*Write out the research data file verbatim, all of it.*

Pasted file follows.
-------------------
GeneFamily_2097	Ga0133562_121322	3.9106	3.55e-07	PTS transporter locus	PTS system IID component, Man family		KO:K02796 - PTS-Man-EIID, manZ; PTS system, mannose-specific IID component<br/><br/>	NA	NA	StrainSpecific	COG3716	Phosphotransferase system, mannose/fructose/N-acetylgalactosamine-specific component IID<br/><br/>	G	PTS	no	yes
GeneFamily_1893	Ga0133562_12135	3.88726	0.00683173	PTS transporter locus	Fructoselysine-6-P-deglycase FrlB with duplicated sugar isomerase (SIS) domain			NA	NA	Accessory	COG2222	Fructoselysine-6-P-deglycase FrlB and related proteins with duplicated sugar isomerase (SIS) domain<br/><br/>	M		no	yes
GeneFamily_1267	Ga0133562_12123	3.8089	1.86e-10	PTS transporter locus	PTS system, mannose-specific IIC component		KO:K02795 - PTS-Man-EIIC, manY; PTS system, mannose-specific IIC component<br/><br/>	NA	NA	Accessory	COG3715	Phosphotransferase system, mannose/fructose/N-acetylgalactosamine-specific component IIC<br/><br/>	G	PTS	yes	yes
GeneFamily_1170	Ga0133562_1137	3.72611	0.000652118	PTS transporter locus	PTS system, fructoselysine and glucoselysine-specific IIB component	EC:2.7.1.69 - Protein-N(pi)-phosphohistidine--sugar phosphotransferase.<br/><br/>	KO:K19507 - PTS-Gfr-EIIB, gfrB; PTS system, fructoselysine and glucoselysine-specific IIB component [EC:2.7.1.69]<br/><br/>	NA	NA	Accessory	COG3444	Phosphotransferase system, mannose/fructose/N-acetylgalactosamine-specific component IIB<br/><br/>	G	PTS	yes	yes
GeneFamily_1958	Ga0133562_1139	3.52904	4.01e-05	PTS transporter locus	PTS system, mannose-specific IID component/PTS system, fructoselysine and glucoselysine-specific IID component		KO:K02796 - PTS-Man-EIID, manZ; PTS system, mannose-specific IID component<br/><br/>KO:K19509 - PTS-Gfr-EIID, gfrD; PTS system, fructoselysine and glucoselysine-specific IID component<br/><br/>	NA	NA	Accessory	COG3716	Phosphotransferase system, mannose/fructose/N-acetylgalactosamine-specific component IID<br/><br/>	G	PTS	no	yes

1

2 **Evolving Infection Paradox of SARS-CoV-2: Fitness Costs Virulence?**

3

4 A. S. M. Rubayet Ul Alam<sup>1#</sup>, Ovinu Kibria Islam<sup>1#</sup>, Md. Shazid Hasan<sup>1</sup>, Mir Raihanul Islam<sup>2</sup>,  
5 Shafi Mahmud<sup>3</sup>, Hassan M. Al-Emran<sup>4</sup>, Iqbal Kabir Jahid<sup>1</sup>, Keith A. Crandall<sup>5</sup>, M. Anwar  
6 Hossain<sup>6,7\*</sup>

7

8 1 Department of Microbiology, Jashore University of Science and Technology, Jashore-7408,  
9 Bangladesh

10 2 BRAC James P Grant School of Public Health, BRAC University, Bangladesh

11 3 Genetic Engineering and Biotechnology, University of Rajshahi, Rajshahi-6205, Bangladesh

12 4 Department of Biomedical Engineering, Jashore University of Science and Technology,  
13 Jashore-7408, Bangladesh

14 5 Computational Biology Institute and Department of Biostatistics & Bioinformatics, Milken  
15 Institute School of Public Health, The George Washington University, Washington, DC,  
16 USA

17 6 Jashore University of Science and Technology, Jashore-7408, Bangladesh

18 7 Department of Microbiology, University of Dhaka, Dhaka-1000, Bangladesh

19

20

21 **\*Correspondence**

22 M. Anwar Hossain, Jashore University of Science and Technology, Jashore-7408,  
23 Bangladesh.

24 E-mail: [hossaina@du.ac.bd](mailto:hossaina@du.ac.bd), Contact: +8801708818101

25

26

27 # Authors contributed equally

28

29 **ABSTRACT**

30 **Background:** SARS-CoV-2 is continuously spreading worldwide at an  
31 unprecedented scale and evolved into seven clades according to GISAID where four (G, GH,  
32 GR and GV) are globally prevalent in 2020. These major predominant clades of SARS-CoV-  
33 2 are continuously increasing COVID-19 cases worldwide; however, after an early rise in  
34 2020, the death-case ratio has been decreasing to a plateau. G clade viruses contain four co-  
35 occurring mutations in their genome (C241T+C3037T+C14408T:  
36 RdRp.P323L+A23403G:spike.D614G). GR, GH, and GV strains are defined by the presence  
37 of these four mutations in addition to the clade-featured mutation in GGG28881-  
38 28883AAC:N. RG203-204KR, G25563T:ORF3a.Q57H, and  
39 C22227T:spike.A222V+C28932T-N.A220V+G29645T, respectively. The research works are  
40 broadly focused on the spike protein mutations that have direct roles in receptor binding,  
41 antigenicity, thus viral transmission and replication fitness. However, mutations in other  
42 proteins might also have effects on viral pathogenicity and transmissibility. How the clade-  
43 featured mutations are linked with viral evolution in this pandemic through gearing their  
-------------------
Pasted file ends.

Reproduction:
GeneFamily_2097	Ga0133562_121322	3.9106	3.55e-07	PTS transporter locus	PTS system IID component, Man family		KO:K02796 - PTS-Man-EIID, manZ; PTS system, mannose-specific IID component<br/><br/>	NA	NA	StrainSpecific	COG3716	Phosphotransferase system, mannose/fructose/N-acetylgalactosamine-specific component IID<br/><br/>	G	PTS	no	yes
GeneFamily_1893	Ga0133562_12135	3.88726	0.00683173	PTS transporter locus	Fructoselysine-6-P-deglycase FrlB with duplicated sugar isomerase (SIS) domain			NA	NA	Accessory	COG2222	Fructoselysine-6-P-deglycase FrlB and related proteins with duplicated sugar isomerase (SIS) domain<br/><br/>	M		no	yes
GeneFamily_1267	Ga0133562_12123	3.8089	1.86e-10	PTS transporter locus	PTS system, mannose-specific IIC component		KO:K02795 - PTS-Man-EIIC, manY; PTS system, mannose-specific IIC component<br/><br/>	NA	NA	Accessory	COG3715	Phosphotransferase system, mannose/fructose/N-acetylgalactosamine-specific component IIC<br/><br/>	G	PTS	yes	yes
GeneFamily_1170	Ga0133562_1137	3.72611	0.000652118	PTS transporter locus	PTS system, fructoselysine and glucoselysine-specific IIB component	EC:2.7.1.69 - Protein-N(pi)-phosphohistidine--sugar phosphotransferase.<br/><br/>	KO:K19507 - PTS-Gfr-EIIB, gfrB; PTS system, fructoselysine and glucoselysine-specific IIB component [EC:2.7.1.69]<br/><br/>	NA	NA	Accessory	COG3444	Phosphotransferase system, mannose/fructose/N-acetylgalactosamine-specific component IIB<br/><br/>	G	PTS	yes	yes
GeneFamily_1958	Ga0133562_1139	3.52904	4.01e-05	PTS transporter locus	PTS system, mannose-specific IID component/PTS system, fructoselysine and glucoselysine-specific IID component		KO:K02796 - PTS-Man-EIID, manZ; PTS system, mannose-specific IID component<br/><br/>KO:K19509 - PTS-Gfr-EIID, gfrD; PTS system, fructoselysine and glucoselysine-specific IID component<br/><br/>	NA	NA	Accessory	COG3716	Phosphotransferase system, mannose/fructose/N-acetylgalactosamine-specific component IID<br/><br/>	G	PTS	no	yes

1

2 **Evolving Infection Paradox of SARS-CoV-2: Fitness Costs Virulence?**

3

4 A. S. M. Rubayet Ul Alam<sup>1#</sup>, Ovinu Kibria Islam<sup>1#</sup>, Md. Shazid Hasan<sup>1</sup>, Mir Raihanul Islam<sup>2</sup>,  
5 Shafi Mahmud<sup>3</sup>, Hassan M. Al-Emran<sup>4</sup>, Iqbal Kabir Jahid<sup>1</sup>, Keith A. Crandall<sup>5</sup>, M. Anwar  
6 Hossain<sup>6,7\*</sup>

7

8 1 Department of Microbiology, Jashore University of Science and Technology, Jashore-7408,  
9 Bangladesh

10 2 BRAC James P Grant School of Public Health, BRAC University, Bangladesh

11 3 Genetic Engineering and Biotechnology, University of Rajshahi, Rajshahi-6205, Bangladesh

12 4 Department of Biomedical Engineering, Jashore University of Science and Technology,  
13 Jashore-7408, Bangladesh

14 5 Computational Biology Institute and Department of Biostatistics & Bioinformatics, Milken  
15 Institute School of Public Health, The George Washington University, Washington, DC,  
16 USA

17 6 Jashore University of Science and Technology, Jashore-7408, Bangladesh

18 7 Department of Microbiology, University of Dhaka, Dhaka-1000, Bangladesh

19

20

21 **\*Correspondence**

22 M. Anwar Hossain, Jashore University of Science and Technology, Jashore-7408,  
23 Bangladesh.

24 E-mail: [hossaina@du.ac.bd](mailto:hossaina@du.ac.bd), Contact: +8801708818101

25

26

27 # Authors contributed equally

28

29 **ABSTRACT**

30 **Background:** SARS-CoV-2 is continuously spreading worldwide at an  
31 unprecedented scale and evolved into seven clades according to GISAID where four (G, GH,  
32 GR and GV) are globally prevalent in 2020. These major predominant clades of SARS-CoV-  
33 2 are continuously increasing COVID-19 cases worldwide; however, after an early rise in  
34 2020, the death-case ratio has been decreasing to a plateau. G clade viruses contain four co-  
35 occurring mutations in their genome (C241T+C3037T+C14408T:  
36 RdRp.P323L+A23403G:spike.D614G). GR, GH, and GV strains are defined by the presence  
37 of these four mutations in addition to the clade-featured mutation in GGG28881-  
38 28883AAC:N. RG203-204KR, G25563T:ORF3a.Q57H, and  
39 C22227T:spike.A222V+C28932T-N.A220V+G29645T, respectively. The research works are  
40 broadly focused on the spike protein mutations that have direct roles in receptor binding,  
41 antigenicity, thus viral transmission and replication fitness. However, mutations in other  
42 proteins might also have effects on viral pathogenicity and transmissibility. How the clade-  
43 featured mutations are linked with viral evolution in this pandemic through gearing their  